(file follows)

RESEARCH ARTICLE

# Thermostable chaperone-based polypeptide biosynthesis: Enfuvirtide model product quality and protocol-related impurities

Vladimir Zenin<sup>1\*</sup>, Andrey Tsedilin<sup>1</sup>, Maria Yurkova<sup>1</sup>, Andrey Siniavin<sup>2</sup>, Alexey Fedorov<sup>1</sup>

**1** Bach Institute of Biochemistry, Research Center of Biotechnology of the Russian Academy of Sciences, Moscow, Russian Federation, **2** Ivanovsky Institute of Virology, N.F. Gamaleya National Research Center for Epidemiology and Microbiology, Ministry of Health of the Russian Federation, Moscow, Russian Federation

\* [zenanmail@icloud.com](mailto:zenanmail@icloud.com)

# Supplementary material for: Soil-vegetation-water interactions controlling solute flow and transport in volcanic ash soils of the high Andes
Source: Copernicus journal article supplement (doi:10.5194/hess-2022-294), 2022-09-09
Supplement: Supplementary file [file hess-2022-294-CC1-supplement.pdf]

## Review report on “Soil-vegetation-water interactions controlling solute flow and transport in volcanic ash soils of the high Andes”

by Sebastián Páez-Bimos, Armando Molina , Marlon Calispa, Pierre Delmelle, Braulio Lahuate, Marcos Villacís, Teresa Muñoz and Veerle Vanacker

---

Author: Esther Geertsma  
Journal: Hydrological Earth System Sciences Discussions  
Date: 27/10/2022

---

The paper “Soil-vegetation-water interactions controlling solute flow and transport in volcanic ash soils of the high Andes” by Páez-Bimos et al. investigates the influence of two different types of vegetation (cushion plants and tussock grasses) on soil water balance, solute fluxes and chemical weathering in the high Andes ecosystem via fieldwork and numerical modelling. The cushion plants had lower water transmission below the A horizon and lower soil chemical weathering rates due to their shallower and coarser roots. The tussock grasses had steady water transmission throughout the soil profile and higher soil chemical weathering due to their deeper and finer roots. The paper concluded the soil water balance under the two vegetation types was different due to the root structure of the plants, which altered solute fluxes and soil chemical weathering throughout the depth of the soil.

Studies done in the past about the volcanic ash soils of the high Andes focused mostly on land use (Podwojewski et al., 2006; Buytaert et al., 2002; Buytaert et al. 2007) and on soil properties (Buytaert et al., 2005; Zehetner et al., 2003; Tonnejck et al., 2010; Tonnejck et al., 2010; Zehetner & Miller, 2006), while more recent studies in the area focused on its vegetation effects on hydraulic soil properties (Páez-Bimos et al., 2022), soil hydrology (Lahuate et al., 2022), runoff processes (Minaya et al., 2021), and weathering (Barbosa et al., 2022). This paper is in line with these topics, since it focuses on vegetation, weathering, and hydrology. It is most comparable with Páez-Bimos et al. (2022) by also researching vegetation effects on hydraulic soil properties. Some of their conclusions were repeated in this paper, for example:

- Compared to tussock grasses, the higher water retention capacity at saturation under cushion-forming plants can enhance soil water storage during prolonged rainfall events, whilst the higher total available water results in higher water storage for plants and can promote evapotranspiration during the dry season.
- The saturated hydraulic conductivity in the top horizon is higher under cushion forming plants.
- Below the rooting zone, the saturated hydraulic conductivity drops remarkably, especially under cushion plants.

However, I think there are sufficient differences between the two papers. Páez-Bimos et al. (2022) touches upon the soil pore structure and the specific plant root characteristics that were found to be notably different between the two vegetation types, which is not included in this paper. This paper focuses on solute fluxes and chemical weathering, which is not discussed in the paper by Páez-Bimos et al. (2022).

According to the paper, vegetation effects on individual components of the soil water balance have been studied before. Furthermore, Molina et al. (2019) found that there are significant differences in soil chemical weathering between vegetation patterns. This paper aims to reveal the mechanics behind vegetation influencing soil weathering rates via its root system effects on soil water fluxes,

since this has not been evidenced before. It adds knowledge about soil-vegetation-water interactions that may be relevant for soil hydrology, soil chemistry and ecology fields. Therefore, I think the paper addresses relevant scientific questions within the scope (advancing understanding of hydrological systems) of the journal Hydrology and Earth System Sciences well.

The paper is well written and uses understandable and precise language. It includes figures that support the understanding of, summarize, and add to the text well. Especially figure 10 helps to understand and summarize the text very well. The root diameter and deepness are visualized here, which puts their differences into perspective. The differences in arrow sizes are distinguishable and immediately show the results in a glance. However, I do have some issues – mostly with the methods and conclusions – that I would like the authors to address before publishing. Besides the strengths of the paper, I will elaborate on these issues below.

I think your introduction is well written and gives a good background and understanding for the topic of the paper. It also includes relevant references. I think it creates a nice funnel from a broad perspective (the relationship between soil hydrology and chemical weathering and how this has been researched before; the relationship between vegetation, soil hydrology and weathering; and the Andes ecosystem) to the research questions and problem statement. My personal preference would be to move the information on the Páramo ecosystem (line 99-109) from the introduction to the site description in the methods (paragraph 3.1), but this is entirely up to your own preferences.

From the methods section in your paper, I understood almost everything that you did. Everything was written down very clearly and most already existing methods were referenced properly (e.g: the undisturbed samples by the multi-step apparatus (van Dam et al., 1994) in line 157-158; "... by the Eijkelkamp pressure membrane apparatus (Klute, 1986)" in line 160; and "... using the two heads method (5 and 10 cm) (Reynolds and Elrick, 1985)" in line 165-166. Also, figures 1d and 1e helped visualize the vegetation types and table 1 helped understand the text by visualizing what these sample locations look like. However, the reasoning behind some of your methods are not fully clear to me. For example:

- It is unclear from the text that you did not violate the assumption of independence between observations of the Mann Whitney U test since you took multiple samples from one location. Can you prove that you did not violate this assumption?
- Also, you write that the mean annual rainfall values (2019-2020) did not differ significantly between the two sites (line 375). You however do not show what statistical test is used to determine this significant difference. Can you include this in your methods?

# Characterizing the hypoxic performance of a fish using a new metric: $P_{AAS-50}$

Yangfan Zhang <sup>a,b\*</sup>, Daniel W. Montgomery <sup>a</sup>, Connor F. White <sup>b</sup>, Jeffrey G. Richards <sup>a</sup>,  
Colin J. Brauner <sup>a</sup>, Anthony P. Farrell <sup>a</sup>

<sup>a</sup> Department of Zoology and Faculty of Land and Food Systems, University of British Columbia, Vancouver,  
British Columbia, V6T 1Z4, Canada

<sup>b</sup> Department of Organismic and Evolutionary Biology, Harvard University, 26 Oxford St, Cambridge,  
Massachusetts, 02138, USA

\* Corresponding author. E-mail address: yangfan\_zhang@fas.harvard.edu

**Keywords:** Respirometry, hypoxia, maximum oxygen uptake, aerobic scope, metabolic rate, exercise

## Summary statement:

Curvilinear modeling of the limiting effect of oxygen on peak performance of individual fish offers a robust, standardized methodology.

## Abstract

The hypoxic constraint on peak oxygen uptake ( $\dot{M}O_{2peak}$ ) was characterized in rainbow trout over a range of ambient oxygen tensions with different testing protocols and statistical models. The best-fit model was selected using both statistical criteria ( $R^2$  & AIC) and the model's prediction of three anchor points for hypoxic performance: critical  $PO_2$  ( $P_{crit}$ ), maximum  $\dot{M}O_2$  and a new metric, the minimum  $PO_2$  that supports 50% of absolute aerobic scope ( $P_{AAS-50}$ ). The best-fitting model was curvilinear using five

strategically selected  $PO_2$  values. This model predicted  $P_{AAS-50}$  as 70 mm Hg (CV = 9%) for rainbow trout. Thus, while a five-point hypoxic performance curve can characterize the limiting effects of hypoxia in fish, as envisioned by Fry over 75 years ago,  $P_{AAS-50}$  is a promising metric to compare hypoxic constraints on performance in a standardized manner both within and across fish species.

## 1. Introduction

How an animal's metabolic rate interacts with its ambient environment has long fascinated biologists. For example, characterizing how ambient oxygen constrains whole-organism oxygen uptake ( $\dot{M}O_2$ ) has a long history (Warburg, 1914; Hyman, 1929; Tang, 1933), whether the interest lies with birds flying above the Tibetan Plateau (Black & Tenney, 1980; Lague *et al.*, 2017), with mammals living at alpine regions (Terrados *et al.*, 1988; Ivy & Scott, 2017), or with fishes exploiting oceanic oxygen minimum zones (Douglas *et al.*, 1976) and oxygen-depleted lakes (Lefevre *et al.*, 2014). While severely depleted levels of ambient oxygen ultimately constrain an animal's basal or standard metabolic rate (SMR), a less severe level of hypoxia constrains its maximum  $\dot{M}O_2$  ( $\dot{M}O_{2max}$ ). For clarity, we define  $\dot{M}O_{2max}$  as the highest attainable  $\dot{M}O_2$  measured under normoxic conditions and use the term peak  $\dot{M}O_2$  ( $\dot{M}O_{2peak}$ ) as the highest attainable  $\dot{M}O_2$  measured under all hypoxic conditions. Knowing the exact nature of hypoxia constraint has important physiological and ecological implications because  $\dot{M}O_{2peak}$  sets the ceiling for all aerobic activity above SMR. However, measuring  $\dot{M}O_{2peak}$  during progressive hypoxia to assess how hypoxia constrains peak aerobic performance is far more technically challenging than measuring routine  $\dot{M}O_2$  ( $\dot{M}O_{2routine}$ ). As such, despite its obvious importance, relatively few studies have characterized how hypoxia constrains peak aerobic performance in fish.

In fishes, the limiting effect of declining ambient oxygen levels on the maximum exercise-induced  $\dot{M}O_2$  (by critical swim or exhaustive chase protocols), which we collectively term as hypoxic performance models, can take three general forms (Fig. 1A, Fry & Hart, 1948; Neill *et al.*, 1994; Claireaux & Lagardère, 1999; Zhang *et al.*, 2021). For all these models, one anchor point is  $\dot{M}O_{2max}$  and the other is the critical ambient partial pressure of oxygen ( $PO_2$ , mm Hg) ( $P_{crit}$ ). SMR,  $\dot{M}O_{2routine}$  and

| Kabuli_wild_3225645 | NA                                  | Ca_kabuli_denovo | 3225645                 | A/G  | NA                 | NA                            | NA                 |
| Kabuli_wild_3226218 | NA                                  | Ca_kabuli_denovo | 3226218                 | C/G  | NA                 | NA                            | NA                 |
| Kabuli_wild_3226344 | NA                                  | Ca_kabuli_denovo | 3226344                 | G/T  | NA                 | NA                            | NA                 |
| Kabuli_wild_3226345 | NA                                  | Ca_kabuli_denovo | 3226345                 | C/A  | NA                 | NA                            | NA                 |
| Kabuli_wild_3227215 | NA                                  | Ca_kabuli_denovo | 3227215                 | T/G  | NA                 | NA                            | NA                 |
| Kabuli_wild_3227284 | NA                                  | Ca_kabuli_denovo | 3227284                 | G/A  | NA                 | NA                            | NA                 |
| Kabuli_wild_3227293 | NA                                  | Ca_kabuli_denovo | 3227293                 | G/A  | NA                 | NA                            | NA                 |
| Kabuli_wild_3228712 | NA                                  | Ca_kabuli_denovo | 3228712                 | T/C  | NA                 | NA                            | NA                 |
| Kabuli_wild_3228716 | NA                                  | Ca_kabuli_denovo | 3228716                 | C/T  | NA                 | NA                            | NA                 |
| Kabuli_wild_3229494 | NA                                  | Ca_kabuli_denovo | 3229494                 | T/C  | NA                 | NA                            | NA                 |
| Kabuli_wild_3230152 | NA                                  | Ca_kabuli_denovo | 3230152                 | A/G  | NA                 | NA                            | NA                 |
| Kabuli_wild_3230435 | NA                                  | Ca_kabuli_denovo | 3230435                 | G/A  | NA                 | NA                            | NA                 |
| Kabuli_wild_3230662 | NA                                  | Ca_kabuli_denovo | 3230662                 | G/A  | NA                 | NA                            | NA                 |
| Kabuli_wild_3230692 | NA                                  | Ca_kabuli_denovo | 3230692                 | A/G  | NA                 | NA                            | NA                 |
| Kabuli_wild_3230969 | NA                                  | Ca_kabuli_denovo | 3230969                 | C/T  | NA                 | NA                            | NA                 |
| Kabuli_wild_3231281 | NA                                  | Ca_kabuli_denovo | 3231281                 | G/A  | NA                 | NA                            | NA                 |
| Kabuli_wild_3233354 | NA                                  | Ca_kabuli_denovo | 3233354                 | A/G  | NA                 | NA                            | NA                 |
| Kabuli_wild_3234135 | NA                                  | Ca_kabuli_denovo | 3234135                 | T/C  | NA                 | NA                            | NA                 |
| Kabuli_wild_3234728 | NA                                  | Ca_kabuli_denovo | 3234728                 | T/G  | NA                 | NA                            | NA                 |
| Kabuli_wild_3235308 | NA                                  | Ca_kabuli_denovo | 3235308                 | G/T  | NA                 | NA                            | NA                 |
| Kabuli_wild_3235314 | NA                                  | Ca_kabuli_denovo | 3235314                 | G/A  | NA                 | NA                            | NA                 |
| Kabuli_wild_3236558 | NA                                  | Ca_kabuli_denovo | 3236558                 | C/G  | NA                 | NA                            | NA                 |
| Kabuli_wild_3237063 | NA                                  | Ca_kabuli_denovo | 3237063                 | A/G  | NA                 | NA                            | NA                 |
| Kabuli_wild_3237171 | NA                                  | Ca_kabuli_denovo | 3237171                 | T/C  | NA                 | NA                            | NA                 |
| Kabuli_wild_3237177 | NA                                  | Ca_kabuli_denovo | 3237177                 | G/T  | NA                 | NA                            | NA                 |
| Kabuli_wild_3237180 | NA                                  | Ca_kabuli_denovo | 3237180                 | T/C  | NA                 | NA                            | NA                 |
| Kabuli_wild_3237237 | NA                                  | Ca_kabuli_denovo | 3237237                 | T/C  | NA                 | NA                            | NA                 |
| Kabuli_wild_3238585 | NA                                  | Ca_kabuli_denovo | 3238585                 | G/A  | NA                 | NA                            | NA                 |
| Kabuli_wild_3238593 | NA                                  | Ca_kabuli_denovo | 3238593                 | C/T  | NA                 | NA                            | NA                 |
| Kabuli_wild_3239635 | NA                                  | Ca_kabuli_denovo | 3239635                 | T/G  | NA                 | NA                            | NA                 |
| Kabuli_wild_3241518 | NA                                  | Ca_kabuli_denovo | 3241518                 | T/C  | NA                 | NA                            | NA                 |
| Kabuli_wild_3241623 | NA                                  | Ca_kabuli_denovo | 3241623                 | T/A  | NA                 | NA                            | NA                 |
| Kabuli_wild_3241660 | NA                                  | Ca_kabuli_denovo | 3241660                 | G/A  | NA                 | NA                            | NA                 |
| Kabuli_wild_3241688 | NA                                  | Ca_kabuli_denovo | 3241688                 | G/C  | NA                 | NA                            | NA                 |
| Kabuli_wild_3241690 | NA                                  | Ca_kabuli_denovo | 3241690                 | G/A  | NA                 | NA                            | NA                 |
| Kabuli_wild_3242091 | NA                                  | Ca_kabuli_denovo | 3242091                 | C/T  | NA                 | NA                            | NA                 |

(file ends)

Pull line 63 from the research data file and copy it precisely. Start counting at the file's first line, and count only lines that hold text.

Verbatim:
| Kabuli_wild_3234135 | NA                                  | Ca_kabuli_denovo | 3234135                 | T/C  | NA                 | NA                            | NA                 |